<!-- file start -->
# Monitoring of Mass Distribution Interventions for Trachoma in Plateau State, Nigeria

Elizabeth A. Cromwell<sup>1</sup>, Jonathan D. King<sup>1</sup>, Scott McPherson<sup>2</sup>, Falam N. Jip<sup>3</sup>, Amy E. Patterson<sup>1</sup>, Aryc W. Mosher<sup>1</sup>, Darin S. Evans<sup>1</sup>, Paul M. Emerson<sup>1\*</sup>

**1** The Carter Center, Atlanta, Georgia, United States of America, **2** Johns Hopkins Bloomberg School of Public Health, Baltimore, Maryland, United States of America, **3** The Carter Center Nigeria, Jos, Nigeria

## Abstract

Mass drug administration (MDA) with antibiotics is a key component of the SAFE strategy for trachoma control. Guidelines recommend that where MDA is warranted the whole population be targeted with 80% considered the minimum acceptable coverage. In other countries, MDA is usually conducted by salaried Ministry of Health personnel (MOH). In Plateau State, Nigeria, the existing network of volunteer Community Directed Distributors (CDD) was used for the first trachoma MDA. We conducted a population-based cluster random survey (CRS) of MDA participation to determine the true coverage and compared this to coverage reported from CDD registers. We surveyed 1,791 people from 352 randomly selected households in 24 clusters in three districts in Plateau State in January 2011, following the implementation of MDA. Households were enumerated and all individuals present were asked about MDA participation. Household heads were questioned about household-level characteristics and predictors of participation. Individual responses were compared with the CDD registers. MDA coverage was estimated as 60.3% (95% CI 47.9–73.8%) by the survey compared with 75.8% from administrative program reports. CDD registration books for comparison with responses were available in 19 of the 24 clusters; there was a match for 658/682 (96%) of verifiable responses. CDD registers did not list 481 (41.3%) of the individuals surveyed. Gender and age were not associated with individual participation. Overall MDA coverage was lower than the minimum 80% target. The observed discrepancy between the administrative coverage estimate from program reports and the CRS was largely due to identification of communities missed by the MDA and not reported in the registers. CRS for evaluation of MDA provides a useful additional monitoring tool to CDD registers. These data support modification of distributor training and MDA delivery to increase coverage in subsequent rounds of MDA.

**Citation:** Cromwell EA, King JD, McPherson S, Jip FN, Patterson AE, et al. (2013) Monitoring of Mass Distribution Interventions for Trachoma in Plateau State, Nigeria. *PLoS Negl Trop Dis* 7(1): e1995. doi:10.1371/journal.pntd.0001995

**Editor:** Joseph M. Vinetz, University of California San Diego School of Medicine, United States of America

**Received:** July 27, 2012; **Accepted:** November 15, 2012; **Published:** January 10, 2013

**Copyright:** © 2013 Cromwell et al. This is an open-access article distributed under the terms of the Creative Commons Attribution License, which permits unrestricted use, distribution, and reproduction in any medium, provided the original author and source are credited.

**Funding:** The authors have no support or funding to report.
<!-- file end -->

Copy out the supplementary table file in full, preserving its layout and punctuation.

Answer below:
# Monitoring of Mass Distribution Interventions for Trachoma in Plateau State, Nigeria

Elizabeth A. Cromwell<sup>1</sup>, Jonathan D. King<sup>1</sup>, Scott McPherson<sup>2</sup>, Falam N. Jip<sup>3</sup>, Amy E. Patterson<sup>1</sup>, Aryc W. Mosher<sup>1</sup>, Darin S. Evans<sup>1</sup>, Paul M. Emerson<sup>1\*</sup>

**1** The Carter Center, Atlanta, Georgia, United States of America, **2** Johns Hopkins Bloomberg School of Public Health, Baltimore, Maryland, United States of America, **3** The Carter Center Nigeria, Jos, Nigeria

## Abstract

Mass drug administration (MDA) with antibiotics is a key component of the SAFE strategy for trachoma control. Guidelines recommend that where MDA is warranted the whole population be targeted with 80% considered the minimum acceptable coverage. In other countries, MDA is usually conducted by salaried Ministry of Health personnel (MOH). In Plateau State, Nigeria, the existing network of volunteer Community Directed Distributors (CDD) was used for the first trachoma MDA. We conducted a population-based cluster random survey (CRS) of MDA participation to determine the true coverage and compared this to coverage reported from CDD registers. We surveyed 1,791 people from 352 randomly selected households in 24 clusters in three districts in Plateau State in January 2011, following the implementation of MDA. Households were enumerated and all individuals present were asked about MDA participation. Household heads were questioned about household-level characteristics and predictors of participation. Individual responses were compared with the CDD registers. MDA coverage was estimated as 60.3% (95% CI 47.9–73.8%) by the survey compared with 75.8% from administrative program reports. CDD registration books for comparison with responses were available in 19 of the 24 clusters; there was a match for 658/682 (96%) of verifiable responses. CDD registers did not list 481 (41.3%) of the individuals surveyed. Gender and age were not associated with individual participation. Overall MDA coverage was lower than the minimum 80% target. The observed discrepancy between the administrative coverage estimate from program reports and the CRS was largely due to identification of communities missed by the MDA and not reported in the registers. CRS for evaluation of MDA provides a useful additional monitoring tool to CDD registers. These data support modification of distributor training and MDA delivery to increase coverage in subsequent rounds of MDA.

**Citation:** Cromwell EA, King JD, McPherson S, Jip FN, Patterson AE, et al. (2013) Monitoring of Mass Distribution Interventions for Trachoma in Plateau State, Nigeria. *PLoS Negl Trop Dis* 7(1): e1995. doi:10.1371/journal.pntd.0001995

**Editor:** Joseph M. Vinetz, University of California San Diego School of Medicine, United States of America

**Received:** July 27, 2012; **Accepted:** November 15, 2012; **Published:** January 10, 2013

**Copyright:** © 2013 Cromwell et al. This is an open-access article distributed under the terms of the Creative Commons Attribution License, which permits unrestricted use, distribution, and reproduction in any medium, provided the original author and source are credited.

**Funding:** The authors have no support or funding to report.